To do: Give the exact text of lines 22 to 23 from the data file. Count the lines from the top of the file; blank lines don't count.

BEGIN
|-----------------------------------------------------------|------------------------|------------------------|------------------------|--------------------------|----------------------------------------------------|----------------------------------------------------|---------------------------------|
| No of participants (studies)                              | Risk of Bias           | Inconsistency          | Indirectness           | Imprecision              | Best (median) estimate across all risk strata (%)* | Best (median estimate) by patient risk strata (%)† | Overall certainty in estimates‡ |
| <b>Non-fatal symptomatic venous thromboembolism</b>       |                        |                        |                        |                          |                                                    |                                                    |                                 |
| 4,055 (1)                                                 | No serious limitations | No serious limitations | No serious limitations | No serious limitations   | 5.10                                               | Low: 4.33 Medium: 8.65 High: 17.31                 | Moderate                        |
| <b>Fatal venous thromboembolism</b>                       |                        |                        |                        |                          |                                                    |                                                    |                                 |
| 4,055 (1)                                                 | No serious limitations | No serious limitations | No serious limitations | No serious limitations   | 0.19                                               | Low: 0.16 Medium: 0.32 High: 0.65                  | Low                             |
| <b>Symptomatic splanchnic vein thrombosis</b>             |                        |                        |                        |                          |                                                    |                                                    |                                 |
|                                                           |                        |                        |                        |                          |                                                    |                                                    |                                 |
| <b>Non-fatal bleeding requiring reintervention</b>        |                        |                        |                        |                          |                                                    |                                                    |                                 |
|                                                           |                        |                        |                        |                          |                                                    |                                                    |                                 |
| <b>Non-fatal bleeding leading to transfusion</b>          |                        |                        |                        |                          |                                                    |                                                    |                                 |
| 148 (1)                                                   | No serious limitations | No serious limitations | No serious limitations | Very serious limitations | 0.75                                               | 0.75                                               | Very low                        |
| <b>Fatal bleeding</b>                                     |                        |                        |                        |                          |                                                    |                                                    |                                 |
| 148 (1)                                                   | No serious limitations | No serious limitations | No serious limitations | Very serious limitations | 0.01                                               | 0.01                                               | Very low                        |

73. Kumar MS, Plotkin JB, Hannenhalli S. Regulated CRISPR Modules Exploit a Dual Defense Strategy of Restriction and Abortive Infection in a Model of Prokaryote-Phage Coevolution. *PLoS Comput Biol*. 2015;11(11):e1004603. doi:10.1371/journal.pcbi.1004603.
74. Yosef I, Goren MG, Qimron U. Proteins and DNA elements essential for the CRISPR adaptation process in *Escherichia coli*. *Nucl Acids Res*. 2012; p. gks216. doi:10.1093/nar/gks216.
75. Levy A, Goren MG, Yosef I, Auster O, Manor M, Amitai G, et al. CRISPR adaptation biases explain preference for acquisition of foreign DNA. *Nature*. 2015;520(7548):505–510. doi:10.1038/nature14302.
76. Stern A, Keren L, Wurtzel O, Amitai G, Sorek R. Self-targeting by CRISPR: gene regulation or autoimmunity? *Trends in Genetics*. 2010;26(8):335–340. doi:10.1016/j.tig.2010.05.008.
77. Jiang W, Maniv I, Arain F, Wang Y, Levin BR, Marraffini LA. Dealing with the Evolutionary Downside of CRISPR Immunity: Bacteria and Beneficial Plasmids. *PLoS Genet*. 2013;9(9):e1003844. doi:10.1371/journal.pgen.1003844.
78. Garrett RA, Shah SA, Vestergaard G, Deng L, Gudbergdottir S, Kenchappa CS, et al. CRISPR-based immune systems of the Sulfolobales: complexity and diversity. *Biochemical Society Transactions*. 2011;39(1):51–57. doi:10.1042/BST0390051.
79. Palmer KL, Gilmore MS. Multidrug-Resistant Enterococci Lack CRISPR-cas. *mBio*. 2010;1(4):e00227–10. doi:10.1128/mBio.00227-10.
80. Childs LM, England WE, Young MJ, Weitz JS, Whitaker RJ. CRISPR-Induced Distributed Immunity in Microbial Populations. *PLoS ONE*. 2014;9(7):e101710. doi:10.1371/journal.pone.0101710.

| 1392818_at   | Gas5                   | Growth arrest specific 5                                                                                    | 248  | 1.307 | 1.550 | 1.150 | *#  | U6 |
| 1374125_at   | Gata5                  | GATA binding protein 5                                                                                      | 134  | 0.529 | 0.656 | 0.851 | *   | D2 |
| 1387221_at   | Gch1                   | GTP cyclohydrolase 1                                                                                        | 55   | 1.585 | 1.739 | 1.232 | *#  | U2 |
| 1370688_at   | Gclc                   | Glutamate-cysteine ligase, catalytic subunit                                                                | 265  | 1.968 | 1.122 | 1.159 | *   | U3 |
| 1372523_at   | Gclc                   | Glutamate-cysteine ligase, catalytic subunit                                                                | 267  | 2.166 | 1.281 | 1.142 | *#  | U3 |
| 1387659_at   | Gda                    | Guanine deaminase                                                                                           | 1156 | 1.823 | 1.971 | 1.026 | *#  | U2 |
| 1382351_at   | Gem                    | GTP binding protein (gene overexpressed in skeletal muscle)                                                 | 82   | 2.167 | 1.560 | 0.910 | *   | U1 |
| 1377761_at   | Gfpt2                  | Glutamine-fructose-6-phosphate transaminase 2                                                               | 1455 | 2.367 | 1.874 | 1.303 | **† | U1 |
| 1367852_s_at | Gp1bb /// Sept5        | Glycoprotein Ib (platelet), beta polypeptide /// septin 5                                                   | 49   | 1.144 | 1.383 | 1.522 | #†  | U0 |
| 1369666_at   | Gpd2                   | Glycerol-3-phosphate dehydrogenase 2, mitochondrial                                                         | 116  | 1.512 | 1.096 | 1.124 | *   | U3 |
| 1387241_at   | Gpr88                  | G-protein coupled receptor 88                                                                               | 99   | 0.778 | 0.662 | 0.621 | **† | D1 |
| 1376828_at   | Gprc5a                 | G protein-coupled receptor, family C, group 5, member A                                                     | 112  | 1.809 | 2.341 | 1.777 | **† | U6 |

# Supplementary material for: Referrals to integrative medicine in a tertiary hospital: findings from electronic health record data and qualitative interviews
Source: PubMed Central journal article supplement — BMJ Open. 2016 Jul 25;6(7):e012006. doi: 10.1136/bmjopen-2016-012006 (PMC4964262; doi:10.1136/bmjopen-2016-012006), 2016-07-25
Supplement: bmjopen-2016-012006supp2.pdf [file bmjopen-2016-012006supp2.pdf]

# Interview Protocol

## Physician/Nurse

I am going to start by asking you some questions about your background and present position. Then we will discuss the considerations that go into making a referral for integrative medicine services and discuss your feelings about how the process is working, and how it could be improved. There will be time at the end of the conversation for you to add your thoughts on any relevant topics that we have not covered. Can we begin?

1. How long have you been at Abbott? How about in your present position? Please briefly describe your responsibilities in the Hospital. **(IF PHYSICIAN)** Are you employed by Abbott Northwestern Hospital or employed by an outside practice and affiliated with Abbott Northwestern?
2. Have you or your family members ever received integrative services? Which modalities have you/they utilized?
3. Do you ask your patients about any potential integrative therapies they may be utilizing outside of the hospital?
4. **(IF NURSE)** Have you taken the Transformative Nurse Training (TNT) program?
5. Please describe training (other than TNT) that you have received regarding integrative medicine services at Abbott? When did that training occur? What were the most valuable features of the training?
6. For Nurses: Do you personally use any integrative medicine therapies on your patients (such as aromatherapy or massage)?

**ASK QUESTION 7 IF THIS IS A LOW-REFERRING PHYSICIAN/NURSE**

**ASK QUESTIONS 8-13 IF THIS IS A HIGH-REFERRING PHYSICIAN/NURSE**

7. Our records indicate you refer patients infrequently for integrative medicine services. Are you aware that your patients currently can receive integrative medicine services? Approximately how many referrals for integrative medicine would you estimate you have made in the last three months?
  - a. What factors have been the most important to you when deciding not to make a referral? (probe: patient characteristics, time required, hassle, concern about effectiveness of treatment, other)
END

80. Childs LM, England WE, Young MJ, Weitz JS, Whitaker RJ. CRISPR-Induced Distributed Immunity in Microbial Populations. *PLoS ONE*. 2014;9(7):e101710. doi:10.1371/journal.pone.0101710.

| 1392818_at   | Gas5                   | Growth arrest specific 5                                                                                    | 248  | 1.307 | 1.550 | 1.150 | *#  | U6 |